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Disappearance of 43 Mexican college students sparks U.S. vigils

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Disappearance of 43 Mexican college students sparks U.S. vigils

Category : Press

(USA Today) — In Mexico, 43 college students will not be taking their final exams this semester.

The students were detained  over two months ago by local authorities and handed over to the Guerreros Unidos cartel with the approval of the mayor of Iguala.

Students across the U.S. have organized on-campus vigils aimed at raising awareness around the main causes that led to the disappearance of the students.

Many have done so through local clubs and organizations. Others have started their own grassroots movement by mobilizing through social media.

Following the #yamecanse (#wearetired) Twitter movement started by Mexican college students, student groups in the U.S. have started an awareness campaign under its English equivalent of#USTIRED2.

The movement’s goal is to mobilize communities in 43 cities across the country, “1 for each disappeared student in Ayotzinapa.”

Roberto Lovato, a representative of the group and a Visiting Scholar within the Center for Latino Policy Research at U.C. Berkeley, says that the group’s goal is to inform the public of the root causes that led to the Ayotzinapa movement.

He says American foreign policy, like the Merida Initiative, has set the stage for many of the mass-killings that have occurred in Mexico.

“There have been more mass-graves found in the supposed area where the students disappeared than in any other country in Latin America, like Venezuela and Cuba, who are in enmity with the United States.”

David Lemus, a student at UC Berkeley, agrees.

“The message is to stop the funding for Pena Nieto that comes from the U.S. taxpayer. Over 100,000 people have been killed in Mexico in less than a decade. 25,000 or so have disappeared.”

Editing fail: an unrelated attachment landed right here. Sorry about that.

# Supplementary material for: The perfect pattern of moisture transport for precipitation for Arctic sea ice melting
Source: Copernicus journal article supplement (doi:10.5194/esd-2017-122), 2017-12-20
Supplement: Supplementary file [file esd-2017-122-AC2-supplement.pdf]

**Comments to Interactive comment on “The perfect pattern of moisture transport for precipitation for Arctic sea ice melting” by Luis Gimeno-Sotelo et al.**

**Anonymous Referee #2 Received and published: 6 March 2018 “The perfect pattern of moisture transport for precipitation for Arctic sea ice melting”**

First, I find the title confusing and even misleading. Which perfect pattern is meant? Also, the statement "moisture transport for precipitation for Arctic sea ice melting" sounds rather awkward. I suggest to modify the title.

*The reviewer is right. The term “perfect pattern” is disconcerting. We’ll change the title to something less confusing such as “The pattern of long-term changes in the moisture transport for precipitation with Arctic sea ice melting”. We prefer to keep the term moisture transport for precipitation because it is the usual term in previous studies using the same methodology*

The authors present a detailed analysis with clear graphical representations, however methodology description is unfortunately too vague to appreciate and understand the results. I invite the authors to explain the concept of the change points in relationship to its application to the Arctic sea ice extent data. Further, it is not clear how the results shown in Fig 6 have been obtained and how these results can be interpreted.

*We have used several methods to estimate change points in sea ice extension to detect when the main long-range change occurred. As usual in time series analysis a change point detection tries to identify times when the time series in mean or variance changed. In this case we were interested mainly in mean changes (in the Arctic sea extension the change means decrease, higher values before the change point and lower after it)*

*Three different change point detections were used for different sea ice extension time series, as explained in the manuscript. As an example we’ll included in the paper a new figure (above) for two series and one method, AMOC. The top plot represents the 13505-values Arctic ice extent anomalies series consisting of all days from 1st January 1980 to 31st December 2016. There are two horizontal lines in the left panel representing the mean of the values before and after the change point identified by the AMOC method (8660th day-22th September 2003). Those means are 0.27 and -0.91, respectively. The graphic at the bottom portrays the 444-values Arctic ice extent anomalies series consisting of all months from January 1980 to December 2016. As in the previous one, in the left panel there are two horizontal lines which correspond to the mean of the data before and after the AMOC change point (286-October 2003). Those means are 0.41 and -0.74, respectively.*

Another group by the name of Soy Mexico has pointed to a more precise cause: police brutality.

Through Ustream, the group opened a conversation between the mothers of the disappeared students and the community of Ferguson, Missouri. The moderator, in Spanish, drew a connection between the two situations through what he considered “a cruelty of both government and police.”

Miles away, in Yellow Springs, Ohio, on the campus of Antioch College, Odette Chavez-Mayo felt a connection.

Photo by Odette Chavez-Mayo

Within a month, she was able to plan a vigil.“I was pretty shocked. I hadn’t heard of anything like this on the media. I started looking at stuff and began organizing.”

A nationwide network of #USTIRED2 activists has sprouted, from Kailua, Hawaii to Harrisonburg, Virginia.

Laura Gonzalez, an education major at Armstrong State University, knows that the Ayotzinapa Movement has hit Latin America at its core.

It has impacted her life deeply since she is a native of Mexico and a soon-to-be teacher.

“I guess there are really no words to express the pain that parents feel when not hearing from their children. They see them as their little kids, my parents would feel the same way,” she said.

“I think no matter what happens people are not going to forget about this. It won’t be for anything. People in other countries are supporting this cause. Their kids are heroes.”

Rolando Zenteno is a contributing writer for USA TODAY College and an undergraduate student at Armstrong Atlantic State University. He currently writes about immigration, sports and politics. He hopes to graduate in 2016 with a major in English and an minor in Spanish. He loves reading anything that falls in the lines of James Baldwin and Malcolm X.
Article originally posted on USA Today College by .